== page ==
The simple explanation for the life expectancy difference is partly associated with the intra-income gap within each nation (Wilkinson, & Pickett, 2010). In contrast, the inter-income gap or disparity between countries such as Cuba/Japan vs. the US do not seem to impact life expectancy. Therefore, it is a fair assessment to indicate that a country could be considerably poor compared to other nations and yet attain a meaningful and sustainable healthy social system. Cuba is an example whereby the introduction of an accessible and equitable universal Salud (Health) system among other things, such as standard public health infrastructures/infostructures are necessary and sufficient in mitigating health disparity in the country. Apparently, Cuba health care system is much better than many developed countries in the world.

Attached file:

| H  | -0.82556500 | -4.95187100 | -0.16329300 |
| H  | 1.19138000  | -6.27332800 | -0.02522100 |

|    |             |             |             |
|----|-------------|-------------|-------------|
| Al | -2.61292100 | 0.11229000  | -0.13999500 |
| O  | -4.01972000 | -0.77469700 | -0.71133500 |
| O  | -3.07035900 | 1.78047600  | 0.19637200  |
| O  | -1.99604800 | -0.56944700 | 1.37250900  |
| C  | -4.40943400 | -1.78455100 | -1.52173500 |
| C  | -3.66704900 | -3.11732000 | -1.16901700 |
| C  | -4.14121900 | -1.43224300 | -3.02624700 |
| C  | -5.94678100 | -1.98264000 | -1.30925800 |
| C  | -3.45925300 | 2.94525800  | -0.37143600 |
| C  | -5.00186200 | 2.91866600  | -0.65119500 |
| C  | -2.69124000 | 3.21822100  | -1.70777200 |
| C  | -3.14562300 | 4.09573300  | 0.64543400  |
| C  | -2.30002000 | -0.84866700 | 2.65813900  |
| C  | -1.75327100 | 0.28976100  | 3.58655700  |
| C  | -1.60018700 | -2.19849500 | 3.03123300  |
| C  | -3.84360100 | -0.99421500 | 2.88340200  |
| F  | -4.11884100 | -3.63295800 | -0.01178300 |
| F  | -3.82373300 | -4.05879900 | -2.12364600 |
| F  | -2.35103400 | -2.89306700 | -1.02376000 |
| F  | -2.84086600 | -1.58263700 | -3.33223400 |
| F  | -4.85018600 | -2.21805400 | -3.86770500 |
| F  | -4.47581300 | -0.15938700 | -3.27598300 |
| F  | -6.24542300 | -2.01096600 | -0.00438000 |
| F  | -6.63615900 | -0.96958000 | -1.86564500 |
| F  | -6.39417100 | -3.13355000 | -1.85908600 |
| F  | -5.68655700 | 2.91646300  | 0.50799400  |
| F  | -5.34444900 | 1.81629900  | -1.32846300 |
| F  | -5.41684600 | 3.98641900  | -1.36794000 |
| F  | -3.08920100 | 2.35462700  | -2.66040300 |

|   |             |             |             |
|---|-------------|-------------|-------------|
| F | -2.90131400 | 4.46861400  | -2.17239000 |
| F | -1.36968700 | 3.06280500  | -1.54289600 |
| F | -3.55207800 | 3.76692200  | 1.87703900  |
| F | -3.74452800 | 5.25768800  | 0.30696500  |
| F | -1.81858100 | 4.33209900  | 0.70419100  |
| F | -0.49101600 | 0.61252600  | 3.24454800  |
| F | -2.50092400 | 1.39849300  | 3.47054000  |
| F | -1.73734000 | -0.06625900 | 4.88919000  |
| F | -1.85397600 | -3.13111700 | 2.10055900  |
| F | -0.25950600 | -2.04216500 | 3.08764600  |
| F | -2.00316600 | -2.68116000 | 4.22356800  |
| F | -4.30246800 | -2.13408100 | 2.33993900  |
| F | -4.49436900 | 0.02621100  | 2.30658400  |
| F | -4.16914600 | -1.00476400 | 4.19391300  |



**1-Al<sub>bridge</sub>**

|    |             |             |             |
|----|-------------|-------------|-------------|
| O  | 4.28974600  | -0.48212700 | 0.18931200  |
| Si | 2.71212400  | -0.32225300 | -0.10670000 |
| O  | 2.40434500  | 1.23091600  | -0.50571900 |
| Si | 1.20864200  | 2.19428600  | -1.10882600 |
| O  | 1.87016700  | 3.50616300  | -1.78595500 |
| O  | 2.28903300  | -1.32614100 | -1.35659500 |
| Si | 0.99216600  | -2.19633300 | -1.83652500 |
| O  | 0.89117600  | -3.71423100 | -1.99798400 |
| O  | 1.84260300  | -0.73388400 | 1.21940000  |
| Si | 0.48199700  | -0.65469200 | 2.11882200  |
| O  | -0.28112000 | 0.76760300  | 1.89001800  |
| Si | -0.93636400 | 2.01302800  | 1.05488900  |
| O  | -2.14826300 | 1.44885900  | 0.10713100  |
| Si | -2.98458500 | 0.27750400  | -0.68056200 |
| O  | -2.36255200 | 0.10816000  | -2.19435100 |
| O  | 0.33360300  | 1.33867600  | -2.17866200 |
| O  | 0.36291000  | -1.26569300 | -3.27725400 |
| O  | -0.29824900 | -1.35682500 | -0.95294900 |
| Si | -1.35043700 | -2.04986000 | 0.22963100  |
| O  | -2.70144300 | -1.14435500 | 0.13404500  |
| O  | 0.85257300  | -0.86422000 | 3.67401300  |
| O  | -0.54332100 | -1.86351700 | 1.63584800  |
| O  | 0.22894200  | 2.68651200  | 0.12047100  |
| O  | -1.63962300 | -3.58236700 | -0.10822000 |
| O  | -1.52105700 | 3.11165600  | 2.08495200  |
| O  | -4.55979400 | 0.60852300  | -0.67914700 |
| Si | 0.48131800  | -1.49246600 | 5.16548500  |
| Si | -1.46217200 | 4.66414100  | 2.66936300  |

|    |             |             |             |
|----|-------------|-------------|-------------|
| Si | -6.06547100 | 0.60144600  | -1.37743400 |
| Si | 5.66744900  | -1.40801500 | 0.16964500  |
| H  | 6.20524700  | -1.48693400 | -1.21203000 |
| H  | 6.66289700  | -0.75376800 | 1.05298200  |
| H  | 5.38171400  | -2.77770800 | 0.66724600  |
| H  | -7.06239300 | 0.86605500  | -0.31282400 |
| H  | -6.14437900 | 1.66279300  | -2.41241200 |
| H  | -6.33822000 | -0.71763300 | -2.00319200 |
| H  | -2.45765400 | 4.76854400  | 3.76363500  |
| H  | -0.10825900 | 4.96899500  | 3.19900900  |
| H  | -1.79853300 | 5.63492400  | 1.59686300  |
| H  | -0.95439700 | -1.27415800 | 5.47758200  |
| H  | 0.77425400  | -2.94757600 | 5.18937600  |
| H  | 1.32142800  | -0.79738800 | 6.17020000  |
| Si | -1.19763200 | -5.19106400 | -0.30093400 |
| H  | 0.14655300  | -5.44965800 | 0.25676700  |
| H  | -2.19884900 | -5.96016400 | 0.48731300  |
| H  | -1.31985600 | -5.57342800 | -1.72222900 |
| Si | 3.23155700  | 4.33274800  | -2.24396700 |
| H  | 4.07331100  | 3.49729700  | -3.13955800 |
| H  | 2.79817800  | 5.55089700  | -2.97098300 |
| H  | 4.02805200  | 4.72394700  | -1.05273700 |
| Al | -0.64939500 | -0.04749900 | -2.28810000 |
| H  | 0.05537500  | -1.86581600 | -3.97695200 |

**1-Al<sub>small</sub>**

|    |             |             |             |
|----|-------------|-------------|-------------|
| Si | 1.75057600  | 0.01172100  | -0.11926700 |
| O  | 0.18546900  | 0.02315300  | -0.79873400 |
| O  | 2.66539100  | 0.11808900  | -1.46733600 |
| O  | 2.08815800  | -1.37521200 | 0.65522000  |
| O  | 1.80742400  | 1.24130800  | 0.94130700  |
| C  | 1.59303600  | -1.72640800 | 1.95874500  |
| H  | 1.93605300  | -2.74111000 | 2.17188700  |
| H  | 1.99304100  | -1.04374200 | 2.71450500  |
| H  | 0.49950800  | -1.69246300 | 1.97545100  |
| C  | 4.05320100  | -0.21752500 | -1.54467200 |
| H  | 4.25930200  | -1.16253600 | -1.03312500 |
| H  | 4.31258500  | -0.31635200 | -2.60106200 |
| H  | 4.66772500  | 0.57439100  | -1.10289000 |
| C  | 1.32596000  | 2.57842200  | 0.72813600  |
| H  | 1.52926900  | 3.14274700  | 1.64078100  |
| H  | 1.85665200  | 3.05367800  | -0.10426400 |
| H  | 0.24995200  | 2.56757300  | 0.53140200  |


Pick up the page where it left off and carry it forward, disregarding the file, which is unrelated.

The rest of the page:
One of the misconception and challenge of the traditional approach for assessing population health is the assumption that increasing the standard of living or increasing the average income per person alone will inherently increase the quality of life and mitigate persisting social inequalities. The assumption is far from reality. The social structure of Cuba and Japan’s economic per capita are examples that suggested otherwise. The social structure modalities in Japan indicated that closing the gap between income and social inequality is rather one of the solutions to mitigate health inequalities and inequities rather than increasing the income level alone (Wilkinson, & Pickett, 2010).